In the context of bail, the Crown Attorney must decide on whether to seek your detention, or to “show-cause,” or agree to your release on bail.

If the Crown agrees to your release from jail pending your trial, conditions are usually discussed with your Lawyer in advance and put before the Court for approval. If there is any disagreement between your lawyer and the Crown Attorney on the appropriate conditions for your release, the Court will be the ultimate decision maker on this issue.
 

Justice of the Peace

Most bail hearings are presided over by a Justice of the Peace. A Justice of the Peace (JP) is a Judicial Officer appointed by the Provincial Government pursuant to Justice of the Peace Act. In the context of a bail hearing, the principal function of the JP is to be the decision-maker on issues arising during the course of the hearing, including the ultimate verdict as to whether someone should be released on bail or detained in custody. Similarly, a JP can make decisions on the suitability of a surety and impose conditions on an accused person s/he may deem appropriate as part of a Recognizance of Bail.

Surety or Sureties

Often, a court may grant bail and impose specific conditions on an accused person, pending the result of their outstanding charge(s). In a significant number of cases, the Court will order a person be released into the custody of a surety or sureties. In simple terms, a Surety is an individual who comes before the Court and is prepared to assure the person charged will:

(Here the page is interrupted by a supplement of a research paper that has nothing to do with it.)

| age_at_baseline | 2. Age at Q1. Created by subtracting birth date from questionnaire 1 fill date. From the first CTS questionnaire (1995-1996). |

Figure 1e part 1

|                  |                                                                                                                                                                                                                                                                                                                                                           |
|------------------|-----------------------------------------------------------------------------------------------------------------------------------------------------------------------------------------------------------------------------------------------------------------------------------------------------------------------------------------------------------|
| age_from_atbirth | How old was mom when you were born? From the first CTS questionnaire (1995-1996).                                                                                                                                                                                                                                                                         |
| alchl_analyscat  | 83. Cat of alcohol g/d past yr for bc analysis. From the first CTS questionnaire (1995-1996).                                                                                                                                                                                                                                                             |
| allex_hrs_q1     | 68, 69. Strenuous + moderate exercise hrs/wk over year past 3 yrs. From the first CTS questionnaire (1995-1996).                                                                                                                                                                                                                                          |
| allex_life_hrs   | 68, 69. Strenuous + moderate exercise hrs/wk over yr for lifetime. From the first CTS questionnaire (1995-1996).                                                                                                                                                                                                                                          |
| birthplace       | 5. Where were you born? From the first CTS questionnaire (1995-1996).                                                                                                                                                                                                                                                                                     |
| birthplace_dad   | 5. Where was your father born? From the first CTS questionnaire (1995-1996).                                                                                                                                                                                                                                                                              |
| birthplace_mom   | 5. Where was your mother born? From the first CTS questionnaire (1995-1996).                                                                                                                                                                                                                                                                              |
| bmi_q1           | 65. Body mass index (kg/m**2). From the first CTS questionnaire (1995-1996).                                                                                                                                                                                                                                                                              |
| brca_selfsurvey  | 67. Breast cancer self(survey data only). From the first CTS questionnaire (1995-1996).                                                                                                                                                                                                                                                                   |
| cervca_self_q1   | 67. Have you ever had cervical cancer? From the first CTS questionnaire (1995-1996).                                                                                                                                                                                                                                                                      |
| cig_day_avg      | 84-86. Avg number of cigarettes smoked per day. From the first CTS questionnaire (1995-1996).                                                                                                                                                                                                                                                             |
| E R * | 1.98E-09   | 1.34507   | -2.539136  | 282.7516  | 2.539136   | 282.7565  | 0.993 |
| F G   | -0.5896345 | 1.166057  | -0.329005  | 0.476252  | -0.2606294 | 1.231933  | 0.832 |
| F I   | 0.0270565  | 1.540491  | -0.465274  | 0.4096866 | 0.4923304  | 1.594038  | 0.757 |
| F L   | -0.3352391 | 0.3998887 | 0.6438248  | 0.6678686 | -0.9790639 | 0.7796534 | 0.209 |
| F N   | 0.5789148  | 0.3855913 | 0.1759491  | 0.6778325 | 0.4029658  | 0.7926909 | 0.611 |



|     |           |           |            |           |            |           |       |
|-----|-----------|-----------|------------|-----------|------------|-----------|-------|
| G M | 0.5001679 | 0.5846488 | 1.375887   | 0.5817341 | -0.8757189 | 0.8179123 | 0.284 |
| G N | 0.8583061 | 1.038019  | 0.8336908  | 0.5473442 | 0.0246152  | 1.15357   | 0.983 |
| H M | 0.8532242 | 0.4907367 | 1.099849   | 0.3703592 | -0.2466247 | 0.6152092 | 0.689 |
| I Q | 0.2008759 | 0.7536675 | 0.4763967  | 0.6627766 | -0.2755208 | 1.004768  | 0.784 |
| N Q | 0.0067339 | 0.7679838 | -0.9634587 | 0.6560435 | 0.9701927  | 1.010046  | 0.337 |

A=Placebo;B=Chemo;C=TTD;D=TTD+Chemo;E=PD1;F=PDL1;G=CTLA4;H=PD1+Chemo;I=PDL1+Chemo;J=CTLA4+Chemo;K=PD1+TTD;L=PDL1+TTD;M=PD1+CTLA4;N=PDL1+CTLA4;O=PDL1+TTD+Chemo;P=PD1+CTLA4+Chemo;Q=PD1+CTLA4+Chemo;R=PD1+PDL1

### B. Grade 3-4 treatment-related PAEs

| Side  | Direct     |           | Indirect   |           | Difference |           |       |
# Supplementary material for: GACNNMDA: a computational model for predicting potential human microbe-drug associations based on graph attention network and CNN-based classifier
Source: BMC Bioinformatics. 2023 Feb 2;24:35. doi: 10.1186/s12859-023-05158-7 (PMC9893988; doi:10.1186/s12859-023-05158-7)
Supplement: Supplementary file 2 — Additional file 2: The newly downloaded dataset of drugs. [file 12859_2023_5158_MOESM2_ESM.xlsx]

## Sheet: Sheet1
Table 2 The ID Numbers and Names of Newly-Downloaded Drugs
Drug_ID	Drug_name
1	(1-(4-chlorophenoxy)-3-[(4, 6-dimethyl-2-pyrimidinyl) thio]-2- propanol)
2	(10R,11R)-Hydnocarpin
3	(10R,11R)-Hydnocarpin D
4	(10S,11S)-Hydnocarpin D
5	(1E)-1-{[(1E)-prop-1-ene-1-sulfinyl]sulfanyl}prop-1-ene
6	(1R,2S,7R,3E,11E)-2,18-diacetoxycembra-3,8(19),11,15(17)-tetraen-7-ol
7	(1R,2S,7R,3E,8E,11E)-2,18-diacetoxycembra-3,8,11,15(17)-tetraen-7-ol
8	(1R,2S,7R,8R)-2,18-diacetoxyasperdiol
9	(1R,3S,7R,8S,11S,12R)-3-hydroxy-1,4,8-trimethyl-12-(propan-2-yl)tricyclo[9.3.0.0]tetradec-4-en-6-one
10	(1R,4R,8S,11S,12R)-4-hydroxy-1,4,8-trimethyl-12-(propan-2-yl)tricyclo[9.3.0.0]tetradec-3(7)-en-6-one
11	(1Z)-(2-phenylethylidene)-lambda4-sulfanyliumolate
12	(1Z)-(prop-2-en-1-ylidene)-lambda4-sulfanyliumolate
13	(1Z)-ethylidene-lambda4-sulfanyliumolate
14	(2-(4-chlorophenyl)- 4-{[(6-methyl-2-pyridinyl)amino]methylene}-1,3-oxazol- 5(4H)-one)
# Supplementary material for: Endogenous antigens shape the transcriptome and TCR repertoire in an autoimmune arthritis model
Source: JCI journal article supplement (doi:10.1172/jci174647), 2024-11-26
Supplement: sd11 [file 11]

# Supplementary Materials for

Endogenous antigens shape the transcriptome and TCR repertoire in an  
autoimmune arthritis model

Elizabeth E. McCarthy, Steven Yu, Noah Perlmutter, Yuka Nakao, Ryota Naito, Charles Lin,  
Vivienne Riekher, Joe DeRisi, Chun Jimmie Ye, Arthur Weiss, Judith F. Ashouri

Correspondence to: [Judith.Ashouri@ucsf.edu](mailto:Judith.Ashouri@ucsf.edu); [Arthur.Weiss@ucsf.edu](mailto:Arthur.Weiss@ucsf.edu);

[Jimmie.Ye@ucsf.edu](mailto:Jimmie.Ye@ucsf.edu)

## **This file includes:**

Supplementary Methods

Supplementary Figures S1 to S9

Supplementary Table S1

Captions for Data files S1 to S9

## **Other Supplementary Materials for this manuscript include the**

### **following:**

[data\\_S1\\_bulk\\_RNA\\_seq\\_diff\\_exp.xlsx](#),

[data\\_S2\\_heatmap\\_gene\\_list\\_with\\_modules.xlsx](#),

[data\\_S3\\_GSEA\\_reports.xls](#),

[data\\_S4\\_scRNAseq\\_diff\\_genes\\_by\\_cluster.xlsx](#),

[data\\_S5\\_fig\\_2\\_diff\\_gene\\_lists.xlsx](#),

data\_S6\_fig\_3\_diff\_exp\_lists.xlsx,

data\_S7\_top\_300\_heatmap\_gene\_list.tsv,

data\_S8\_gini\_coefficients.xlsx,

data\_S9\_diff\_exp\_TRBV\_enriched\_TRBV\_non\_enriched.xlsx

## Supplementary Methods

1. Attend court when required;
  2. Abide by the conditions of the release order imposed by the Court; and
  3. Report the accused to the police or Court in the event that s/he breaches one or more of the bail conditions, commits a further criminal offence or fails to attend Court.

In order to ensure an individual takes the above responsibility seriously, a proposed Surety agrees to pledge money or valuable security to the Court in support of the accused person. Normally, the Court does not require that the proposed Surety actually deposit money with the Court as long as they can provide proof that they do in fact have access to the monies pledged. The Surety and/or accused will only be subject to financial penalty if the accused or surety fails to abide by conditions noted above and, at this point, the Crown Attorney can seek forfeiture of the monies pledged.

Once an individual has been approved as Surety by the Court, s/he is required to comply with the responsibilities imposed on them until the charges are disposed of or until the surety is relieved of their responsibilities as surety by the Court.

To be relieved of their responsibilities, a surety may attend before a Justice of the Peace and file an “Application by Surety for Relief.”  After receiving the “Application by Surety for Relief” the Justice of the Peace will issue a “Warrant for Committal” for the accused. This will authorize the Court or Police to arrest the Accused and placed them in custody until the bail issue is re-addressed by the Court. In the alternative, a surety can also attend at a police station and advise an officer that s/he wishes to be removed as surety and a warrant can also be issued for the accuser's arrest.